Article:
The City of Edmonton will be releasing the mill rates in the next week or so and we’re expecting a non-residential rate over 20.00 (expressed in mills). We’re basing this prediction on the fact that property assessments have declined from last year yet the City is on a spending bender. Declining values and increased spending invariably leads to a higher mill rate.
Here is how the mill rate for non-residential properties in Edmonton has changed since 2010:
Over this time, the mill rate for non-residential properties rose 23%. This increase has been rising alongside property values, amplifying the costs for property owners and businesses. Combining the inflation in property values with the inflation in the mill rates shows how large of an impact this has been.
In this simple example we assumed property values rose 10% over the past 6 years (a compounded rate of 1.6%), whereas the amount of taxes property owners paid rose 35% (a compounded yearly rate of 5.12%).
Taxes have continued to increase because the City continues to spend and borrow. While the City hasn’t released its 2016 financial statements yet, the interest and bank charges on the existing debt increased 14.5% year-over-year in 2015. With the amount of projects the City has committed to, we’re expecting this to have increased in 2016 as well.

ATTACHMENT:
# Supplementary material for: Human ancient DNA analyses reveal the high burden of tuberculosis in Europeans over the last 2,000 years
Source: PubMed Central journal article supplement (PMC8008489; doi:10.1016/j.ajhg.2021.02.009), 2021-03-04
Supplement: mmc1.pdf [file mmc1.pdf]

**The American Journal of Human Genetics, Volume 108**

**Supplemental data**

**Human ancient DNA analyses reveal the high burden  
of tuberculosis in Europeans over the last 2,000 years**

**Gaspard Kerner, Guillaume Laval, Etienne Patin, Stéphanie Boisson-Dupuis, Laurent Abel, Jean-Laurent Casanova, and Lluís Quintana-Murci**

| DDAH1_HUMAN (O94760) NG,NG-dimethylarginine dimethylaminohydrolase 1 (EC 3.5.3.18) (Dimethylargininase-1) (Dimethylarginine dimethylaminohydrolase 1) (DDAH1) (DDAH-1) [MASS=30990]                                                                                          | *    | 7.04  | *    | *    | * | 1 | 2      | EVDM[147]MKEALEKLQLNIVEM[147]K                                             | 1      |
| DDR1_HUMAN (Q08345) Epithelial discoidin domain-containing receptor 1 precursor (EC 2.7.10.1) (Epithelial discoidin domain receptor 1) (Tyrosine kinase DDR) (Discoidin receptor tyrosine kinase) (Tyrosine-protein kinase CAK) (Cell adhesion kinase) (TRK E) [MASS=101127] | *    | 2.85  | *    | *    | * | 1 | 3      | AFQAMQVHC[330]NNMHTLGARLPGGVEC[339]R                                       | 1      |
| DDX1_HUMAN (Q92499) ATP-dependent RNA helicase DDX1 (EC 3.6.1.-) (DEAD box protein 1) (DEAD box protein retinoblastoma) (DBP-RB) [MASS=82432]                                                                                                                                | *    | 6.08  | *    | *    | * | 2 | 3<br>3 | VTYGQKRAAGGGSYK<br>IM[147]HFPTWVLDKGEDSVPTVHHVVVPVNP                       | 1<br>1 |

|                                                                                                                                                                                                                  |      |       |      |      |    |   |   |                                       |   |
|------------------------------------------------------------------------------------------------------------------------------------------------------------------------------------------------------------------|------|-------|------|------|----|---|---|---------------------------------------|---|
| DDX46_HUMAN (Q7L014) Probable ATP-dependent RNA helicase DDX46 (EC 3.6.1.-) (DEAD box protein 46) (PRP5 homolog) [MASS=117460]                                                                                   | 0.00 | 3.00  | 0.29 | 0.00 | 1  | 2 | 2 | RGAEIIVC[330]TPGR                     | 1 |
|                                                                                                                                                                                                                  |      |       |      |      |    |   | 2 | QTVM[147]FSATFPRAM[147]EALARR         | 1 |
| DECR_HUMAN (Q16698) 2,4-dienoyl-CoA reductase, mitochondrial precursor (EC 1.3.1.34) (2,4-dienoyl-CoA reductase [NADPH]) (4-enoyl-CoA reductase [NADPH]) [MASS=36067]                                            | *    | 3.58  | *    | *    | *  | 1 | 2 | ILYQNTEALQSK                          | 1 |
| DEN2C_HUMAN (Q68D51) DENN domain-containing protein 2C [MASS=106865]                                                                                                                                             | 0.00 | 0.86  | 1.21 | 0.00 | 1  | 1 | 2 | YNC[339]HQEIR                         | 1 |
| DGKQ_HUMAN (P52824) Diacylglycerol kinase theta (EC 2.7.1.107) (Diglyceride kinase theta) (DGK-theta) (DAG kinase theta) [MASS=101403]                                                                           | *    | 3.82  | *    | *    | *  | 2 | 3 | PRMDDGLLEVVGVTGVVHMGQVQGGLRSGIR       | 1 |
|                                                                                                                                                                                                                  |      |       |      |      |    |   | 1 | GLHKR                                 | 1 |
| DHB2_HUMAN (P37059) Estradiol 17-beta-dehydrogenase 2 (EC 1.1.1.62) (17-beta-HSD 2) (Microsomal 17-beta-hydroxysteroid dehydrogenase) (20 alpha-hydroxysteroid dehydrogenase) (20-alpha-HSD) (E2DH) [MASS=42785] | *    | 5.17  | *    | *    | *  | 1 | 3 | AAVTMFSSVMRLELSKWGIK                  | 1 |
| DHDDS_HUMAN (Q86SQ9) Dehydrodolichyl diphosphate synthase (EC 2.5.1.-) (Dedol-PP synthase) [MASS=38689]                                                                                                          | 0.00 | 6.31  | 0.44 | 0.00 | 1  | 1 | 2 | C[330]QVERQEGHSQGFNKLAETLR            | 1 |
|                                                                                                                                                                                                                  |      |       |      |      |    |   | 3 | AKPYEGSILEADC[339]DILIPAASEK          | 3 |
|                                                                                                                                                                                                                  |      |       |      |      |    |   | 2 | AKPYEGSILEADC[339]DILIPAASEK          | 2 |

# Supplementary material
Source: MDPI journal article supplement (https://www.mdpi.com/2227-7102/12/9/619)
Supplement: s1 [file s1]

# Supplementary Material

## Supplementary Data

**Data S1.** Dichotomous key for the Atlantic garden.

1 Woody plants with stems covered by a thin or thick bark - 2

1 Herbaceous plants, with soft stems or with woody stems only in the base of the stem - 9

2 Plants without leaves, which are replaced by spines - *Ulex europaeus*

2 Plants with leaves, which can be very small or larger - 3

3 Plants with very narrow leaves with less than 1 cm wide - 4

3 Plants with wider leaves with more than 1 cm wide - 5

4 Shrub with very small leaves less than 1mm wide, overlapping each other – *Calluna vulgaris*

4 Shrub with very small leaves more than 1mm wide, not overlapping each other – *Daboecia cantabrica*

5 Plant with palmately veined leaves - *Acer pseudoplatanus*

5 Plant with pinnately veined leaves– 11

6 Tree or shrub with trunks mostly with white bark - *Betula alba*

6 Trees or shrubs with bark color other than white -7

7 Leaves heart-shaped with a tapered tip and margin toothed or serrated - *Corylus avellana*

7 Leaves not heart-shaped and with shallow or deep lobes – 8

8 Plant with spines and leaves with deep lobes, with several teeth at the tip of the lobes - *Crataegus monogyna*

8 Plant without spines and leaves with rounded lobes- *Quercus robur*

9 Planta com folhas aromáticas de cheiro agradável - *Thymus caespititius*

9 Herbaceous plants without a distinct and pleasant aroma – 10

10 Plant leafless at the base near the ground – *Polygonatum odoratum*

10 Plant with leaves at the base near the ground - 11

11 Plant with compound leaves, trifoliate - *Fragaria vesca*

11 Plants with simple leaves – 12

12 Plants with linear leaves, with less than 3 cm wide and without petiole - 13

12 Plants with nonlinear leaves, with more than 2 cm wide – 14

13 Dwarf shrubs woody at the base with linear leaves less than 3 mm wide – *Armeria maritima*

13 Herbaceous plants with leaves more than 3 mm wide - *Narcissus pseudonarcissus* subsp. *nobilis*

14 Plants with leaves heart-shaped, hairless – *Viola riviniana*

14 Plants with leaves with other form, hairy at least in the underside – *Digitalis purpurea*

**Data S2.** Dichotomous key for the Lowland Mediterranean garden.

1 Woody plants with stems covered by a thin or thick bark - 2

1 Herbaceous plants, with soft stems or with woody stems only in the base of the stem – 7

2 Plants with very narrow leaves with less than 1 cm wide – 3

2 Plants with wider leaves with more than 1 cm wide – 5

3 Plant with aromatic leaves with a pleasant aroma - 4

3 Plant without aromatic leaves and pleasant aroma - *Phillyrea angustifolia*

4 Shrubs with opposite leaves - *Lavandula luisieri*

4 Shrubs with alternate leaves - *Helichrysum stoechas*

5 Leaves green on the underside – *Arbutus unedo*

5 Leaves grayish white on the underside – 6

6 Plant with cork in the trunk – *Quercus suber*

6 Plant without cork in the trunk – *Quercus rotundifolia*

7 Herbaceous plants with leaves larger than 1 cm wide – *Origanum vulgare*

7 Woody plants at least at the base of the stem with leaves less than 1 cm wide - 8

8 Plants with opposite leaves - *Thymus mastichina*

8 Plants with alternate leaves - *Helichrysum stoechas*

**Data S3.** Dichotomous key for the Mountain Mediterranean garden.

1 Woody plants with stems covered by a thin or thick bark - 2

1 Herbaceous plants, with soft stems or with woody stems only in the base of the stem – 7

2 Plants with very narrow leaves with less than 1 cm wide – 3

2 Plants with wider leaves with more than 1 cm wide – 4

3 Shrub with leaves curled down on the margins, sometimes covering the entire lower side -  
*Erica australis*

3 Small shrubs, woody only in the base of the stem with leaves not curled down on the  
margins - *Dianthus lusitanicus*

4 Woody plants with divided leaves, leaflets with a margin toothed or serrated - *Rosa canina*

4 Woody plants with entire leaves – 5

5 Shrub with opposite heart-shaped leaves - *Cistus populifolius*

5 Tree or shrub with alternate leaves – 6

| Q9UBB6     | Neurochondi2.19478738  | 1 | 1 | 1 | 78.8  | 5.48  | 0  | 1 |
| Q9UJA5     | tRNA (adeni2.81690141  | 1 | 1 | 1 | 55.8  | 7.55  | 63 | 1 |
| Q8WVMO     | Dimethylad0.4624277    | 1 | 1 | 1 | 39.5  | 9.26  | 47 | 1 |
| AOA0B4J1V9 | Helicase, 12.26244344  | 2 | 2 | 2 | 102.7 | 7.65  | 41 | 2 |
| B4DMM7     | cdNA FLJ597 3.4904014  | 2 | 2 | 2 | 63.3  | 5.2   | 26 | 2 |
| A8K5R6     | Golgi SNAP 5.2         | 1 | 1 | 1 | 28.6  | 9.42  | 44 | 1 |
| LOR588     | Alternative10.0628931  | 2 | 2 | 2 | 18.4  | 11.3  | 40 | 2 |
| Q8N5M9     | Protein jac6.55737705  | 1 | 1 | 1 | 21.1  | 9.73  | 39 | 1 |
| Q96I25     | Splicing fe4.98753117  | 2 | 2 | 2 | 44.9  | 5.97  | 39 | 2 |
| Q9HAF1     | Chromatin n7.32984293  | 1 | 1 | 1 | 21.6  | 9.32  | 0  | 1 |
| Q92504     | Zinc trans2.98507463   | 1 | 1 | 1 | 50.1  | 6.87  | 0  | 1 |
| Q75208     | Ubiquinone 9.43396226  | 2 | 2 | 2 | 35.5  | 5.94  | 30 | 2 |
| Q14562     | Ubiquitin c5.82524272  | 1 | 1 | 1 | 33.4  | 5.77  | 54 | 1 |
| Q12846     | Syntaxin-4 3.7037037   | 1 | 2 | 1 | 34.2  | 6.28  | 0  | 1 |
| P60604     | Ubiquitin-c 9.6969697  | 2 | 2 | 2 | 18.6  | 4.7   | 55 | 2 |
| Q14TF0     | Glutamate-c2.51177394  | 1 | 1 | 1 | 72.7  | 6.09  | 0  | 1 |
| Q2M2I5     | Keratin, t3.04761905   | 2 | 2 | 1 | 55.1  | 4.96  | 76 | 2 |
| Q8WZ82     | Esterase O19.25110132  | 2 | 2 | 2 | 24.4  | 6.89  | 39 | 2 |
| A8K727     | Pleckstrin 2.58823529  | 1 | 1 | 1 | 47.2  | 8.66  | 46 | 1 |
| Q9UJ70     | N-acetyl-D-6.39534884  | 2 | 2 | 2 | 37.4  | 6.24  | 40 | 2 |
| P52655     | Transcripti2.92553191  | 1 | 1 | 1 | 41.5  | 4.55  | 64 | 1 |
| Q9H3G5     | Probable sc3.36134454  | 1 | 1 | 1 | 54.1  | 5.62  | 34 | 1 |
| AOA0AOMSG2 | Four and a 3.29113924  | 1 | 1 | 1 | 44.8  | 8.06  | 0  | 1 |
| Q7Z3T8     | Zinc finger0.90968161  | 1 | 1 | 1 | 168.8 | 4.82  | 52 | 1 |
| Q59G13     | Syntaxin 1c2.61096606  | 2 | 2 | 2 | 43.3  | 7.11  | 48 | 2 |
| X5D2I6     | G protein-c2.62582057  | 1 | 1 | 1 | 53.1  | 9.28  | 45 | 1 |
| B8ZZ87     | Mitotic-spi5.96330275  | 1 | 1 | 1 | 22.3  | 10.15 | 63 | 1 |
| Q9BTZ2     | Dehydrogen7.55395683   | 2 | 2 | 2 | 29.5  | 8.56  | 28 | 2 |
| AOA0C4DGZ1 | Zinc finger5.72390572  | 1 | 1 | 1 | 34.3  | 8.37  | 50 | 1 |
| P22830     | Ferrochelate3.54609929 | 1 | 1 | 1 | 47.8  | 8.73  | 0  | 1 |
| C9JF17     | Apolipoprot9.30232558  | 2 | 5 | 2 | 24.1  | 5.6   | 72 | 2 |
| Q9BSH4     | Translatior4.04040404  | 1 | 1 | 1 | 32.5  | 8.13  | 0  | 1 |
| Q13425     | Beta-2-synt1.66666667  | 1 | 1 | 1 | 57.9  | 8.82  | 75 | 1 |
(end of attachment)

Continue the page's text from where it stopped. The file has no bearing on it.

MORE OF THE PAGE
To finance the spending in light of declining property values, the choice has been to raise mill rates. The problem is that the non-residential mill rate is already distressingly high compared to surrounding municipalities. Companies are often looking to lower expenses, particularly when we’re going through the worst recession in decades. Will companies in south Edmonton be drawn to Leduc/Nisku or Sherwood Park to save money on taxes? How attractive will Acheson look to companies in west Edmonton?
This lead us to a bold speculation (which admittedly lacks empirical proof, so take it with a grain of salt): We think the City has approved all these recent large projects (often against advice from its own planners and fierce opposition from community leagues) primarily because they need the money. In order to curb the mounting frustration from the commercial sector, the City recognizes the debt problem – and the corresponding interest payments – is only going to worsen. Approving these projects ultimately allows the City to add to the tax base, and hopefully reduce further upward pressure on the mill rate.
We’re not arguing that any of these projects should or should not have been approved, we simply feel the timing is dubious. Figuratively speaking, the car has already hit the pothole, we’re now seeing how the driver reacts.
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